Updated: Jul 17, 2021
This article is not one romanticising the concept of death or seeking it as an ultimatum for escaping struggles or describing it as a reason to be depressed or provoking any suicidal act to end our problems. But rather exploring this natural phenomenon as a notion of embracing it to act as a refuge from our mental battles. This may sound tricky or hopeless or insane, but let’s explore this inch by inch.
Our natural ways:
We humans as a basic nature, always try to seek pleasure and avoid pain or any kind of sadness. And what’s sadder than death itself. On a superficial level, death always seems to be like an end, an extreme irrecoverable pain and a horrific thing, which everyone seems to avoid. All of the above things are universally true and valid feelings.
But like any other natural event, death is also natural, it’s just it doesn’t fall for the likes of us. So this thing can never be denied, and it’s perfectly natural for all humans to feel this way about death. But this article is not about describing anything wrong with that feeling or provoking to move towards death, abandoning this life. But it’s more of a metaphorical one, of understanding the concept of death as a refuge, and thinking about it in a way to kind of escape our anxious and situation-induced unhappy feelings.
Most of the problems, which are very different from our actual existing physical problems, are due to the mental scenarios we often build, by thinking about the worst-case possibilities of our actual issues. Rather than trying to think logically or bravely about how to solve the real conundrums at hand, we often indulge in panicking by generating a series of imagined worse outcomes, which most of the time don’t happen. It’s natural to be worried if faced with a serious issue, but this anxiousness doesn’t take us anywhere. So when we think about the worst, why not think about the ultimate end - i.e. death, which awaits us anyway, and is this worry during brief living all worth it?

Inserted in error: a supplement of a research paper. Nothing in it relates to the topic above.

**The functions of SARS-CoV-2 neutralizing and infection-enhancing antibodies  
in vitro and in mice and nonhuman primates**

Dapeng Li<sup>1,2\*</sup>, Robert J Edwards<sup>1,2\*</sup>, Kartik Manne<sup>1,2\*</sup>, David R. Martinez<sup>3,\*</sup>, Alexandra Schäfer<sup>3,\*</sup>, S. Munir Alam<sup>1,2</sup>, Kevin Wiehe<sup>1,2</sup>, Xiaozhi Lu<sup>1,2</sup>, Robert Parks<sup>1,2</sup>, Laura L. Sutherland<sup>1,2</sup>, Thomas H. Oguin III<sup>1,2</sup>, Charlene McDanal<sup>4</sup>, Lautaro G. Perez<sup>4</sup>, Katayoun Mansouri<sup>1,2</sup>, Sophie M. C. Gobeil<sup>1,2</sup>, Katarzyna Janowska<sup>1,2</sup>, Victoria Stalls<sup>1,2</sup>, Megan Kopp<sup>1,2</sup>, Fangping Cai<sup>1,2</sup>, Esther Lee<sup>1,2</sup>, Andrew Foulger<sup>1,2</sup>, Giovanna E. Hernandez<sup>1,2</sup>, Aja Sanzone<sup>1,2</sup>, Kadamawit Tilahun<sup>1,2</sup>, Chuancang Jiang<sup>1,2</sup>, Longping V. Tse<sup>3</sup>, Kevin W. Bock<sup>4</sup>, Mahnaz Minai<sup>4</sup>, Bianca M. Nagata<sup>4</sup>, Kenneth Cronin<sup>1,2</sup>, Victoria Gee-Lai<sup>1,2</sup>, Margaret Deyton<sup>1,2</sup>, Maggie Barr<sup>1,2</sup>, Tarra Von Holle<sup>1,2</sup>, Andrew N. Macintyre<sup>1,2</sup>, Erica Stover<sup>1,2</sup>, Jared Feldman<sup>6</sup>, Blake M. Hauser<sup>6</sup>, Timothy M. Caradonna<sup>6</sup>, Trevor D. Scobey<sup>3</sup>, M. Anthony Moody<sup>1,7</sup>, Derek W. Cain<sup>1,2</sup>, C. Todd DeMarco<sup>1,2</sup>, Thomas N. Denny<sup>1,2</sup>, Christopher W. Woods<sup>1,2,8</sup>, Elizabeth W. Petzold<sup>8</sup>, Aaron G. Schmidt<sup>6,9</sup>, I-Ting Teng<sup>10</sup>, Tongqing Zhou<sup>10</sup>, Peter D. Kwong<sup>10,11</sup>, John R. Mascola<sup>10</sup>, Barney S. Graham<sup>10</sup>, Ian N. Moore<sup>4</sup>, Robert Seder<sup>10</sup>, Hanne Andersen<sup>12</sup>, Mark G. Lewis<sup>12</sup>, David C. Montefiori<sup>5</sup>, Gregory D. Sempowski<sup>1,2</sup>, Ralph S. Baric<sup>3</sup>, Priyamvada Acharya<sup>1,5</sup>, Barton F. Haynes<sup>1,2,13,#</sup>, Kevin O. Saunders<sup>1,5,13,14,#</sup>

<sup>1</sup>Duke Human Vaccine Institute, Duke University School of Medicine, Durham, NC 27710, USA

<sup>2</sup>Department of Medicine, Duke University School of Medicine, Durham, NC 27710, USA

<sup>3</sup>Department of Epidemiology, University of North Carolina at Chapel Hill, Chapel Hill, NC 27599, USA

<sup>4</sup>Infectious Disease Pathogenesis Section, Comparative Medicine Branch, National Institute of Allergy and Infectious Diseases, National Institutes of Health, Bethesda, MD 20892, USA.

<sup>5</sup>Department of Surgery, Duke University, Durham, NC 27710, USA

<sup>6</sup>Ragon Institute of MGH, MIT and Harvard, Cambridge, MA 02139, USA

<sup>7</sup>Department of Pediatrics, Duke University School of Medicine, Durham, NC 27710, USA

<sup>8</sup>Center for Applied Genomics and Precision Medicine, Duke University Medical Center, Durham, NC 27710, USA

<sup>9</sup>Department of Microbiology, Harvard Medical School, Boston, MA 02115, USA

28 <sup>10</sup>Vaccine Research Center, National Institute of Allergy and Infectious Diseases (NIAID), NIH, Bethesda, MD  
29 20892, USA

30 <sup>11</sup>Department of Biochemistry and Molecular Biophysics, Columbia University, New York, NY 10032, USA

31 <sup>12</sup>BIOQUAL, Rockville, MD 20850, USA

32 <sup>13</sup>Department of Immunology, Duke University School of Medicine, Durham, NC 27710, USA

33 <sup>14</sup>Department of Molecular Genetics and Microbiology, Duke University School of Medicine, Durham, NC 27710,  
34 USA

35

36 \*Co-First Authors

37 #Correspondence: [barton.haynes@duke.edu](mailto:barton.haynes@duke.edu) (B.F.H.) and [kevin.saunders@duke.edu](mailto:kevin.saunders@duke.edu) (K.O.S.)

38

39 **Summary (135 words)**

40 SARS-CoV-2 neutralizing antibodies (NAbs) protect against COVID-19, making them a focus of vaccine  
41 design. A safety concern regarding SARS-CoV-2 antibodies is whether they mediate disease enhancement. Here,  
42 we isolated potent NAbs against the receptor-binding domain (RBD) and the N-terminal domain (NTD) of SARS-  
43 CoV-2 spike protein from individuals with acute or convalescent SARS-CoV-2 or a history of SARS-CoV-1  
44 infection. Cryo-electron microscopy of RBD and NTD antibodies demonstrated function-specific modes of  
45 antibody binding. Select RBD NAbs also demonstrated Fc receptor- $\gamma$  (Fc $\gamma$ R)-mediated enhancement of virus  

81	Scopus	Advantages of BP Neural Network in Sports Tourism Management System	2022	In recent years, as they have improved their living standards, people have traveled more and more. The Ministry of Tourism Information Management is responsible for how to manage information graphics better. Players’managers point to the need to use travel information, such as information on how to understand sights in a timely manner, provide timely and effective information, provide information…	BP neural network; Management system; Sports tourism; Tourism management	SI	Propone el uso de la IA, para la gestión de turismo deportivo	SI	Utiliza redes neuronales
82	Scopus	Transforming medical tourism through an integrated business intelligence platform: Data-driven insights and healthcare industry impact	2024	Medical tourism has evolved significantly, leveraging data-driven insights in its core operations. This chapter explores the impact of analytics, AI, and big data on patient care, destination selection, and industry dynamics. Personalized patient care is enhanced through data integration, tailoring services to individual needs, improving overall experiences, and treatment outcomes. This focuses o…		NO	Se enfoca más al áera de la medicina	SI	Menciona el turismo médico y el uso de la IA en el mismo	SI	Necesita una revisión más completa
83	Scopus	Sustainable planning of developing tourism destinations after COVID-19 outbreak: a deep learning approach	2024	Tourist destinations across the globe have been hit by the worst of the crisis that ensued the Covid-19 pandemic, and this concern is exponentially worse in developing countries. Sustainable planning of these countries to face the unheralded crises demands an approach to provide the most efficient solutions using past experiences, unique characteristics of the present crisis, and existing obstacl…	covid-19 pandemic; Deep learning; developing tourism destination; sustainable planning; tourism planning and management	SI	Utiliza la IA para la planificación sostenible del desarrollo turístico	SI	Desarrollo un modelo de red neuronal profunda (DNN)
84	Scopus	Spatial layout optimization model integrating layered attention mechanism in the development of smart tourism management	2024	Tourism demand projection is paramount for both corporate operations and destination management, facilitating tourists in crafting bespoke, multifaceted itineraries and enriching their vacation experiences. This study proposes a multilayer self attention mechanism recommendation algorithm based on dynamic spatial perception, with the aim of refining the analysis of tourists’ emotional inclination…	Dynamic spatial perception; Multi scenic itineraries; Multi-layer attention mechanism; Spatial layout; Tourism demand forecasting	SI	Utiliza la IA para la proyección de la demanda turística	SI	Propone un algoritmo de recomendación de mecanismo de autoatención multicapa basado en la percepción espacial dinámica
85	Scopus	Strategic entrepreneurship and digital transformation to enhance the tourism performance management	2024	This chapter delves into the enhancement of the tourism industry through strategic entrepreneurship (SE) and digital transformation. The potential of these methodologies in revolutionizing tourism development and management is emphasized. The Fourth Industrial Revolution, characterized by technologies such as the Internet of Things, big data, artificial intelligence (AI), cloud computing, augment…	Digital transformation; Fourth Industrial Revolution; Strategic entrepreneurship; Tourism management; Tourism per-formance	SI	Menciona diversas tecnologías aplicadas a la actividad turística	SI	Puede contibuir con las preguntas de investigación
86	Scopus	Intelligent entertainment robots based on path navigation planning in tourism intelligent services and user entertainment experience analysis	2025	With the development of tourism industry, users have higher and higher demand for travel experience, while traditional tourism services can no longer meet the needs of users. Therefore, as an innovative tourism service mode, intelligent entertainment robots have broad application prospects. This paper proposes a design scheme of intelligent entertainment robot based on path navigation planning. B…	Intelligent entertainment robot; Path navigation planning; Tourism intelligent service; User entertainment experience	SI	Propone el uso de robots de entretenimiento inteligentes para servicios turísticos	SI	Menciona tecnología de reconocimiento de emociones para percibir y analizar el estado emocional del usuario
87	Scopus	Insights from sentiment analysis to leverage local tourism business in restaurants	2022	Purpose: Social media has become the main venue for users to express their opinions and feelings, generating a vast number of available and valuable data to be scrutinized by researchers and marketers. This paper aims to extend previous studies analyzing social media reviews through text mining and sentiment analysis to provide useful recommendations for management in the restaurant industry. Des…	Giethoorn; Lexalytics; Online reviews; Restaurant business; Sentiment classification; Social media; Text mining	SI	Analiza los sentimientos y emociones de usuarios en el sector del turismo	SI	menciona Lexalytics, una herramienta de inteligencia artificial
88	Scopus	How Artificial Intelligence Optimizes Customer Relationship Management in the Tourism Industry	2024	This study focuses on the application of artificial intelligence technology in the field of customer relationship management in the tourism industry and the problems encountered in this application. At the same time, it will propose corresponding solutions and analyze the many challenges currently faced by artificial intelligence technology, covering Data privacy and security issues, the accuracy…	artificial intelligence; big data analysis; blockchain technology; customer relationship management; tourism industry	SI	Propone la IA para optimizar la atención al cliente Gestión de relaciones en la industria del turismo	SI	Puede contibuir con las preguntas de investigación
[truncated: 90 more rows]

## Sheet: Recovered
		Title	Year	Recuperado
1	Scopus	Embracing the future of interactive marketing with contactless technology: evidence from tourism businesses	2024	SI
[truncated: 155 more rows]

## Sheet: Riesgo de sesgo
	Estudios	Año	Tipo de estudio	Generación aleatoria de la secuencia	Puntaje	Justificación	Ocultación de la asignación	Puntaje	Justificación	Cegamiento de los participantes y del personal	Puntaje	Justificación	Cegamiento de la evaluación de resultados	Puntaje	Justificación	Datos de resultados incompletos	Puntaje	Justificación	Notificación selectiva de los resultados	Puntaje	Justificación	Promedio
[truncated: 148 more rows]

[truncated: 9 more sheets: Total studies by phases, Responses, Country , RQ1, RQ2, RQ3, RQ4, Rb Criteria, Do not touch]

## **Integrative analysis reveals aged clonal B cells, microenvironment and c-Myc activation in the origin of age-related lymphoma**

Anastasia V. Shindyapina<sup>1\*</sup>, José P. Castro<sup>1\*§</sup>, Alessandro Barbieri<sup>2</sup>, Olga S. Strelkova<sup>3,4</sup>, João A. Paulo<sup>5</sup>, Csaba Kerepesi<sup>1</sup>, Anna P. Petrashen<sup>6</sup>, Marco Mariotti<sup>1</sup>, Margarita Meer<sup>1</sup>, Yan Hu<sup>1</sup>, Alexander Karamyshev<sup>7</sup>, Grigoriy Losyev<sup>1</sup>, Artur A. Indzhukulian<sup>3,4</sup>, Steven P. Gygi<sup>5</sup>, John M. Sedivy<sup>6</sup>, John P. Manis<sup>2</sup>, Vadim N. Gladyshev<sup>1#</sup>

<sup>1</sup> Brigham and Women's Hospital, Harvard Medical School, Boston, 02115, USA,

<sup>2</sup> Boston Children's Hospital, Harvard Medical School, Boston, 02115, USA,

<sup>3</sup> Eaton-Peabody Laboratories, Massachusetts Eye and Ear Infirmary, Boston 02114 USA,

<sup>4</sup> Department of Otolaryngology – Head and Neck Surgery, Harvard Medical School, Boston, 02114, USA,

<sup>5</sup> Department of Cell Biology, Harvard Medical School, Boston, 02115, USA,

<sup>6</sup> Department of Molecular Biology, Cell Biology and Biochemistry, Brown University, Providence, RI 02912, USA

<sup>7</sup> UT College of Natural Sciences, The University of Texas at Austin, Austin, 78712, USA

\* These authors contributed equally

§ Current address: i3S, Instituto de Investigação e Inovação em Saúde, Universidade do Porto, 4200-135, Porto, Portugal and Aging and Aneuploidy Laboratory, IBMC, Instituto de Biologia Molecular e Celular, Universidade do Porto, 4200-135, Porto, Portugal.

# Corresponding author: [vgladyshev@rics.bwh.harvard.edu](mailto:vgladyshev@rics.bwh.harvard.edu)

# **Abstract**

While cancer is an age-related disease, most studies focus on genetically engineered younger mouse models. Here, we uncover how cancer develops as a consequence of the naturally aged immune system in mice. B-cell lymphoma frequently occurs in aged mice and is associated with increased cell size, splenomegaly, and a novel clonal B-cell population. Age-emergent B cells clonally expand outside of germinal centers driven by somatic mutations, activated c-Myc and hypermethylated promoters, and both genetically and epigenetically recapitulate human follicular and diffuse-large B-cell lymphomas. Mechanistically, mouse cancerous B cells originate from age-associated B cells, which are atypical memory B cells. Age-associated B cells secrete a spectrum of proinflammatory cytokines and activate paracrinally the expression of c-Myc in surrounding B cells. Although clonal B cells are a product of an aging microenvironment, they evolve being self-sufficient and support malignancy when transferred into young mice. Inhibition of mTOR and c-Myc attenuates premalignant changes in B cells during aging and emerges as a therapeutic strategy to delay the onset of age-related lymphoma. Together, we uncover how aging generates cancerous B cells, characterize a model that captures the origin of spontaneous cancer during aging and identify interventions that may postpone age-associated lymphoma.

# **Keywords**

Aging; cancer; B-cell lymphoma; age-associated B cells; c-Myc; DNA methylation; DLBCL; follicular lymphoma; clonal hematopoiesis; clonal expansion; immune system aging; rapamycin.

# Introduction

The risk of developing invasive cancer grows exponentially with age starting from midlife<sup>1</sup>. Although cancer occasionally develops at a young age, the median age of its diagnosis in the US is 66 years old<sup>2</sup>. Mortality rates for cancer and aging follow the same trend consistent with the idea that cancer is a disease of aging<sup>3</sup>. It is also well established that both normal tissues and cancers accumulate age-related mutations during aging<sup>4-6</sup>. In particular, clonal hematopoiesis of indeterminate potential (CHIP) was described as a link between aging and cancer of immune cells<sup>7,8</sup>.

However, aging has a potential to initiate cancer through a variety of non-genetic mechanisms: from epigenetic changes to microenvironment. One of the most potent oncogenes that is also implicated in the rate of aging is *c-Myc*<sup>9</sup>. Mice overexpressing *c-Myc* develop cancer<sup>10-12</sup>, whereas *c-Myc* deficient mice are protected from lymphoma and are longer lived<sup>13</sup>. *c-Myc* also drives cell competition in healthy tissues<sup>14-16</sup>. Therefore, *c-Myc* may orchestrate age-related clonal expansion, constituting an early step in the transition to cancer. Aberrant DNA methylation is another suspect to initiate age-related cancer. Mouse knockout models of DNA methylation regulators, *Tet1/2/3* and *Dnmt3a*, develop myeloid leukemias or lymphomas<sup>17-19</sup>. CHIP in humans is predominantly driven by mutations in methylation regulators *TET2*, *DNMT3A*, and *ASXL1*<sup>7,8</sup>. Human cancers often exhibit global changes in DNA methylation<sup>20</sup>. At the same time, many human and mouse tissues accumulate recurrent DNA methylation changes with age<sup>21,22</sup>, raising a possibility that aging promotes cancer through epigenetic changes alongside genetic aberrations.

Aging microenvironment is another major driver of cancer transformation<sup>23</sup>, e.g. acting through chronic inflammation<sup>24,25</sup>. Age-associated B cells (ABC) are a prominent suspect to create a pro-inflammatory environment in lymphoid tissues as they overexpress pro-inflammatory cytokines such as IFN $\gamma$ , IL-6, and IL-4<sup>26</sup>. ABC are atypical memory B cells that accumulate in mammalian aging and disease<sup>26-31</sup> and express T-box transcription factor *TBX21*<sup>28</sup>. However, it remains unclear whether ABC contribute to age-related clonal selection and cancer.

Not all problems we face can be mentally solved or made peace with by perceiving death, but surely some worrisome thoughts can be dealt with. For example, often most of the issues come up from comparison or thinking too much about society’s perceptions of us. But even this is also natural. We as humans by default seek social acceptance, need validation from others and avoid rejection. But when this validation need exceeds a certain limit, it can cause a great amount of mental haywire. As from the famous quote “Nothing in life is as important as you think it is, while you’re thinking about it”, by Daniel Kahneman from his famous book, Thinking fast and slow, as he talks about the focusing illusion; where it is explained how our minds have capabilities of showing the enhanced version of any actual bad scenario happening if enough focus is given to that, and our brains don’t have the ability to differentiate between real and imaginary pain, and so we’re trapped in the endless depressive vicious thoughts cycle.
And what better way to escape this focusing illusion, than grasping the concept of death. If all are destined to die one day, and no matter how well off or worse they currently are, in the end, it never really matters, as they’ll all be washed away by the universal waters of death. And no matter how badly we want anything in life, or want it to happen our way, or seek approval, ultimately those things are never permanent and anyways death will end it someday.
Forever is a myth:
The death’s antonym of birth is celebrated universally, but we are also aware of the fact that a child is born, with no memories. If we consider the concept of rebirth, irrespective of the achievements or situations faced by that child in the previous birth, it definitely doesn’t matter now and everything is set to reset. And even if we don’t con